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“My friends and I” vs. “My friends and me” vs. “Me and my friends”

Somebody taught me a rule of thumb how to discern if I should use "I" or "Me" when adding self to the end of a list of people in a sentence: Ignore the list, strip the rest and treat it only as if it was the singular "me", choose one that matches.

Still, often I see things like John and me went to the park. Is this just a common error or are there some specific rules where I will be replaced by me if appearing on a list?

  • It's just a common error. There are some issues between "It is I" and "It's me", but I'm sure that's been covered in a previous question, along with "It is I who am..." and "It is me who is..."
    – Andrew Leach
    Nov 7, 2012 at 11:26
  • Come on. This question gets asked almost every week, and has been discussed to death. The first comprehensive answer dating back all the way to 2010.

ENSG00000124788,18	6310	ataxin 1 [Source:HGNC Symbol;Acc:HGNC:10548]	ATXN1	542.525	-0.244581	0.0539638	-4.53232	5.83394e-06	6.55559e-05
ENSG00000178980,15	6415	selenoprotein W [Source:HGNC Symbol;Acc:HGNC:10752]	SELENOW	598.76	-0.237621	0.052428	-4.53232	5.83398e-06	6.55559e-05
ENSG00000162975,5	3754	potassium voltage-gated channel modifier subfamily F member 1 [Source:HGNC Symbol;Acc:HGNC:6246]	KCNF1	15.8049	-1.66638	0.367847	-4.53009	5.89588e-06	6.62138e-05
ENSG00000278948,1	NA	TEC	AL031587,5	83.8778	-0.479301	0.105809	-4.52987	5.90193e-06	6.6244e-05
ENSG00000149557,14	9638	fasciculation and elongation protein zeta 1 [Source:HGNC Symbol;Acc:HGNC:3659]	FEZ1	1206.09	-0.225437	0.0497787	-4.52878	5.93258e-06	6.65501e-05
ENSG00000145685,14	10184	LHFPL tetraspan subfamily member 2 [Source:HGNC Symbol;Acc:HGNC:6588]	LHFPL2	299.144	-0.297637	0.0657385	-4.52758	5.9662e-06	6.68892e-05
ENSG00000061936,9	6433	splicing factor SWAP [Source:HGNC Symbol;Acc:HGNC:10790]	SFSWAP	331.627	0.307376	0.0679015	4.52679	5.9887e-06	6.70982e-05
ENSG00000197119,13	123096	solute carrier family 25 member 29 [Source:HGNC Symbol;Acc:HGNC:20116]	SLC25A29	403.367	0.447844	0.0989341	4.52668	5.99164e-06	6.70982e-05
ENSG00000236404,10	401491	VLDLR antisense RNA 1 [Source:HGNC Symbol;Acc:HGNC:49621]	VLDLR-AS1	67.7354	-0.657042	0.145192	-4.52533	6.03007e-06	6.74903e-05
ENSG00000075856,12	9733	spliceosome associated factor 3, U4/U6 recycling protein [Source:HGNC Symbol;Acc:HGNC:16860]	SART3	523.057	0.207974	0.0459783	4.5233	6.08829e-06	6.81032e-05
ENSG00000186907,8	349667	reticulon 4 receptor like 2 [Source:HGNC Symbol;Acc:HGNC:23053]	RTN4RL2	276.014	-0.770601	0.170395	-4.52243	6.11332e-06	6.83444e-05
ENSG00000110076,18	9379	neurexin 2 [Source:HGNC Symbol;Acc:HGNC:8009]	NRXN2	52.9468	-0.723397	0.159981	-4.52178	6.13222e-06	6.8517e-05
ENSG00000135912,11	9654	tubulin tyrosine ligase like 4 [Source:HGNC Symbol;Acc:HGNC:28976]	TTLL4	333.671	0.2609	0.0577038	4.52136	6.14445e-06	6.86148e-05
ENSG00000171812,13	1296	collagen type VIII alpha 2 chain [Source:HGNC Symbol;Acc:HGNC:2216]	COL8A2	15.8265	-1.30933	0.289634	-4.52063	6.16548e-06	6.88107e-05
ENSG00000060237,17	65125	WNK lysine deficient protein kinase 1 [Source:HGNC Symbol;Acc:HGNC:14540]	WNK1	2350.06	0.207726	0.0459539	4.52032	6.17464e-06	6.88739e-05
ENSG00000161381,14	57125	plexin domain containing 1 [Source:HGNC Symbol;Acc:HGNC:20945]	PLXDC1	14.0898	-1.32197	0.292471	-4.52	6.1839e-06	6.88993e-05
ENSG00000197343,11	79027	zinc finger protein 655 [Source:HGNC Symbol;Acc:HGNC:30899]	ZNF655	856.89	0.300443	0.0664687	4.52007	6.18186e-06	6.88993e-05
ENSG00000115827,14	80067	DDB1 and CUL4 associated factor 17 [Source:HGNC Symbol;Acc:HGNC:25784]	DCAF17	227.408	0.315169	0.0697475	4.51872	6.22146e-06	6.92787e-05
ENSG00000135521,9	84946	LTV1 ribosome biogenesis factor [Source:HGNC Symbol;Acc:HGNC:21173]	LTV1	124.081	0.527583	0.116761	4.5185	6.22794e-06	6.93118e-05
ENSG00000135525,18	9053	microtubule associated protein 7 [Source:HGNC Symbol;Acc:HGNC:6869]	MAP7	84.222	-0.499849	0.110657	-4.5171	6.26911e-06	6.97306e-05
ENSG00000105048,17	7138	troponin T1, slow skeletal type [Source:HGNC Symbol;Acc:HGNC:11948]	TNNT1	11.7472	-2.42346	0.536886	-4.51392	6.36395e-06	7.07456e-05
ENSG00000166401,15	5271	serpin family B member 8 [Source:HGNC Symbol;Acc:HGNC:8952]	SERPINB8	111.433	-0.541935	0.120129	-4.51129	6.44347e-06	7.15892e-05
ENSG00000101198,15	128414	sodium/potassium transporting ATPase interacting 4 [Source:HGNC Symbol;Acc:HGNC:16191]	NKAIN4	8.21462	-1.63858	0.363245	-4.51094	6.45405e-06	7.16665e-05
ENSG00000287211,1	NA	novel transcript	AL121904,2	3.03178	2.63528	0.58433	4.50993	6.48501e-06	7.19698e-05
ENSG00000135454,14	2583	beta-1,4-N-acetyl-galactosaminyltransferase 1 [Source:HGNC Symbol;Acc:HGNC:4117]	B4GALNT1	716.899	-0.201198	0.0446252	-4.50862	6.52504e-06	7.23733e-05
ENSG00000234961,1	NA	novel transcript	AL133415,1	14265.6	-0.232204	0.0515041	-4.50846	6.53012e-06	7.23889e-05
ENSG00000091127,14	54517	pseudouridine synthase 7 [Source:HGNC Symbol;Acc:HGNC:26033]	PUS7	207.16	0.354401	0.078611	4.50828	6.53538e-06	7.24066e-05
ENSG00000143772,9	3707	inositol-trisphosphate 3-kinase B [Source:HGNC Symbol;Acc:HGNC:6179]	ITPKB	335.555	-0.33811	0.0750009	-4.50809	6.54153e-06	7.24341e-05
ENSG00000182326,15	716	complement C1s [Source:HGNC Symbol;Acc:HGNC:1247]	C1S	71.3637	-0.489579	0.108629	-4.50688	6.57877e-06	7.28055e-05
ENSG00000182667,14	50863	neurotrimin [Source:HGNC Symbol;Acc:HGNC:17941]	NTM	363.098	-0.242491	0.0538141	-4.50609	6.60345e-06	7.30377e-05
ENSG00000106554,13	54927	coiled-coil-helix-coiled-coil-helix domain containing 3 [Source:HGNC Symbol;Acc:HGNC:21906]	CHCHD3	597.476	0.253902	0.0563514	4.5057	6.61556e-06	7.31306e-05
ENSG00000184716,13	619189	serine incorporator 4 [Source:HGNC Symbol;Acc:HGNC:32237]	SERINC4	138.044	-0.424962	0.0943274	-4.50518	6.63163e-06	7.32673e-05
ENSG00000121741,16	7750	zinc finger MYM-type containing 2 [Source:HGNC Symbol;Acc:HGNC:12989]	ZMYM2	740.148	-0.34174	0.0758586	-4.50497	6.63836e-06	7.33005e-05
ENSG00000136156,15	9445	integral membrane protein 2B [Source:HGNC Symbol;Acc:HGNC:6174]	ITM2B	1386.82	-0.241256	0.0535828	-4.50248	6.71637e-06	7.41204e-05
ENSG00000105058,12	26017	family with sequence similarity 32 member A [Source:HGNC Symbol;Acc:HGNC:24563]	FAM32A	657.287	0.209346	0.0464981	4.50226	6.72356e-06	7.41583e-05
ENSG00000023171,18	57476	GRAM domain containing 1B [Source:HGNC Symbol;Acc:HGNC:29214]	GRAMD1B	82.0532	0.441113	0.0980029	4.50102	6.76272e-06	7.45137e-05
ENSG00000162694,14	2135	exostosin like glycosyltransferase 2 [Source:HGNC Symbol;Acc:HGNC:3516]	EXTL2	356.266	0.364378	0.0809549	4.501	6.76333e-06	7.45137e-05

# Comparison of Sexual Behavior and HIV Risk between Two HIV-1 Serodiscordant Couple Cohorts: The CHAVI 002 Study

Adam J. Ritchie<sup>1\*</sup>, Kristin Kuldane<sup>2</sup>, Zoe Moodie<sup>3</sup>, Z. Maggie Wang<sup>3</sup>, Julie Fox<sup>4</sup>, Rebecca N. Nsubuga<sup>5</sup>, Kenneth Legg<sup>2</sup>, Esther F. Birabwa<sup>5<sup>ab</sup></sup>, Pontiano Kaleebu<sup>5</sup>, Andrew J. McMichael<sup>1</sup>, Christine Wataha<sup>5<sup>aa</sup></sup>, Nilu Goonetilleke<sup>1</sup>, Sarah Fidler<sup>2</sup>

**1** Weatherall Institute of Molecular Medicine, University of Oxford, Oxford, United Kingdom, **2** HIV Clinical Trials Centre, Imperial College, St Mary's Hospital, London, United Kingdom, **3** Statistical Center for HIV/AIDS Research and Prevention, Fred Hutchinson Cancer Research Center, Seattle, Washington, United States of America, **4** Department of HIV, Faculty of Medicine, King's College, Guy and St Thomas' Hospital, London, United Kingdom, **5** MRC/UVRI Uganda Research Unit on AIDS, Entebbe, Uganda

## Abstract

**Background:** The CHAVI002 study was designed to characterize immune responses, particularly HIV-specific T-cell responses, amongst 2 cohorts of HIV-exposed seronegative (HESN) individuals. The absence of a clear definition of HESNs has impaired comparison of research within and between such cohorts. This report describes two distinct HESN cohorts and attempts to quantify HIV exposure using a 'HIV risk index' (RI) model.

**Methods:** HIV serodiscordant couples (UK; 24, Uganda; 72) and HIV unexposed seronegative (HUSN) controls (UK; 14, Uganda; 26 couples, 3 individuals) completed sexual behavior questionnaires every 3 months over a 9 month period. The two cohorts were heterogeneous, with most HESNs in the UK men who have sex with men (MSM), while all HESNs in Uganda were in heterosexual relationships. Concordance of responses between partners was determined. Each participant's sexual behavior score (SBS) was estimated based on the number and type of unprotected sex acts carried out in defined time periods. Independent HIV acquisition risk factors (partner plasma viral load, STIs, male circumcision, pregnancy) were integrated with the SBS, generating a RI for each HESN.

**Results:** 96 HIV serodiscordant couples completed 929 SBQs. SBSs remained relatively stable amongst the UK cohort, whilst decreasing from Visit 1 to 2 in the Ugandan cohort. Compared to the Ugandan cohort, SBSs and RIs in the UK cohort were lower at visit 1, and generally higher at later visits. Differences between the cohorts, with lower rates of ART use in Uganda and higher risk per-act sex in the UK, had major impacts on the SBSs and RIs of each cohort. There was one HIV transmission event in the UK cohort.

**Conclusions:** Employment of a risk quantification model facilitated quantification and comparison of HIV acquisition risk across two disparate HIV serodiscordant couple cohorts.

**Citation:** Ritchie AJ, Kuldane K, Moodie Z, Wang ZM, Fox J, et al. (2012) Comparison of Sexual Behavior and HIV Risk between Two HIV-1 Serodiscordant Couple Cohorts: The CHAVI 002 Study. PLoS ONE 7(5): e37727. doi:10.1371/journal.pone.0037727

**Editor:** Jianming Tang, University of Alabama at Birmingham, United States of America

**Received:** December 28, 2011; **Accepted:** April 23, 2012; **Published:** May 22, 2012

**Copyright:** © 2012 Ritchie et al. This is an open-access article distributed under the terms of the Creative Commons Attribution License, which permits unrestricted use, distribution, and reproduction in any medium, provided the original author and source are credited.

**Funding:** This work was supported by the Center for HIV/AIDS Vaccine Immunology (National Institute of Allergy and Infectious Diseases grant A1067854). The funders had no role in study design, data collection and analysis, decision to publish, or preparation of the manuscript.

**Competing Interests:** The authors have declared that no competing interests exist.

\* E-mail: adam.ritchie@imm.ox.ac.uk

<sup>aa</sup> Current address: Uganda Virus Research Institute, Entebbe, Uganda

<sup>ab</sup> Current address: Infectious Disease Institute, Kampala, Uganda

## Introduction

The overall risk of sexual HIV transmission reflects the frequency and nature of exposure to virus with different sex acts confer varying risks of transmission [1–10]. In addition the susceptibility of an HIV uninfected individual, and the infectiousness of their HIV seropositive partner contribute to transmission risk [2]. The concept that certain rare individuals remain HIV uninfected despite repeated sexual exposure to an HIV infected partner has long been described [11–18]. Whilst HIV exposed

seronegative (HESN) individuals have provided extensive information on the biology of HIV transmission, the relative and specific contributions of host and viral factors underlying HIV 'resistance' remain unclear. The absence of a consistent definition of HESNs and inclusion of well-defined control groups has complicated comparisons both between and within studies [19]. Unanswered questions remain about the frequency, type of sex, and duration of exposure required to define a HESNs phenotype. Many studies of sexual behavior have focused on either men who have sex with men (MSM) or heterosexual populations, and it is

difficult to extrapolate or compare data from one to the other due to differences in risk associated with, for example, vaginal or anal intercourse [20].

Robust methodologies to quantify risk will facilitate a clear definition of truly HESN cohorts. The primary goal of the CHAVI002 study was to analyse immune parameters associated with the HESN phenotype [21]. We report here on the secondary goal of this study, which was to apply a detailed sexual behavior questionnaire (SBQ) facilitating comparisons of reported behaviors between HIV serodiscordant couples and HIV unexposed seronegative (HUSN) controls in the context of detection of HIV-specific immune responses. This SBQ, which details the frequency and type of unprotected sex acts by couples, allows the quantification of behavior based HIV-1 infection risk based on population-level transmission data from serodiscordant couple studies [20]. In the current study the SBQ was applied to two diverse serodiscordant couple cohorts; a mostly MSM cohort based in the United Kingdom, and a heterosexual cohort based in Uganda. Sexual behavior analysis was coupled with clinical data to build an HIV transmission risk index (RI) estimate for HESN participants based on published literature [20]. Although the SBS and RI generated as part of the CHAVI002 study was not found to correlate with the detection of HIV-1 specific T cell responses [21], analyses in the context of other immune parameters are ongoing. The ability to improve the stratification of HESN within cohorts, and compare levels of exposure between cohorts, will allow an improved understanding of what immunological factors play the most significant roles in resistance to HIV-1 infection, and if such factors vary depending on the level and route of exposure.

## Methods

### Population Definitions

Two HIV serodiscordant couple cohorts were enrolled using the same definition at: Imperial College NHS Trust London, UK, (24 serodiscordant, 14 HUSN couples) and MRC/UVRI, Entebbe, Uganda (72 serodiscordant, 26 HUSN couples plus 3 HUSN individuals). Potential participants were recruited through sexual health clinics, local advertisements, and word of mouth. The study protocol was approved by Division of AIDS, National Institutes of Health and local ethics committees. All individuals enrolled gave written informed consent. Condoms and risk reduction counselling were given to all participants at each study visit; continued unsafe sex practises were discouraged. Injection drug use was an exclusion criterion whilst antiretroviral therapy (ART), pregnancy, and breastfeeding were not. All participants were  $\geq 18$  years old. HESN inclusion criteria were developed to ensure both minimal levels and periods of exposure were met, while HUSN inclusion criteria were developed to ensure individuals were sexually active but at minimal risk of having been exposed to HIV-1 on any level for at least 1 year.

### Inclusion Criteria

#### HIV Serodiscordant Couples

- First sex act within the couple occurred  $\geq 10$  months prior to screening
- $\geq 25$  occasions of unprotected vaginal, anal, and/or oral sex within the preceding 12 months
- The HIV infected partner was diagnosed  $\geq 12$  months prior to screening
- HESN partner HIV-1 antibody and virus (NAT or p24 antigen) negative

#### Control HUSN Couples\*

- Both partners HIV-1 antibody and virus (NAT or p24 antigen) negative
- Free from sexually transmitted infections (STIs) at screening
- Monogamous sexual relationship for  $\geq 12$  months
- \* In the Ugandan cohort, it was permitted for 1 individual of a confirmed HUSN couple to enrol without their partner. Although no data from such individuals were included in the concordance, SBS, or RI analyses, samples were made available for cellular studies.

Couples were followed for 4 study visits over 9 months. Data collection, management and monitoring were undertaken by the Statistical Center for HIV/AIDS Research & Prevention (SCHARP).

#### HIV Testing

– RegDwigнt
    Nov 7, 2012 at 11:39
  • 1
    @RegDwighт: I tried searching but kept coming up with ordering issues (place self at the end of the list) and "I/Me" in singular context (as in Andrew's comment). The accepted answer from your link barely skims the issue and I have to read in into another (not accepted) one to get to the core.
    – SF.
    Nov 7, 2012 at 11:50

1 Answer 1


Standard English requires I in subject position, producing John and I went to the park. Other dialects, however, allow me in subject position when the pronoun is coordinated with a noun or another pronoun. That is why you will see, or more likely hear, John and me went to the park.

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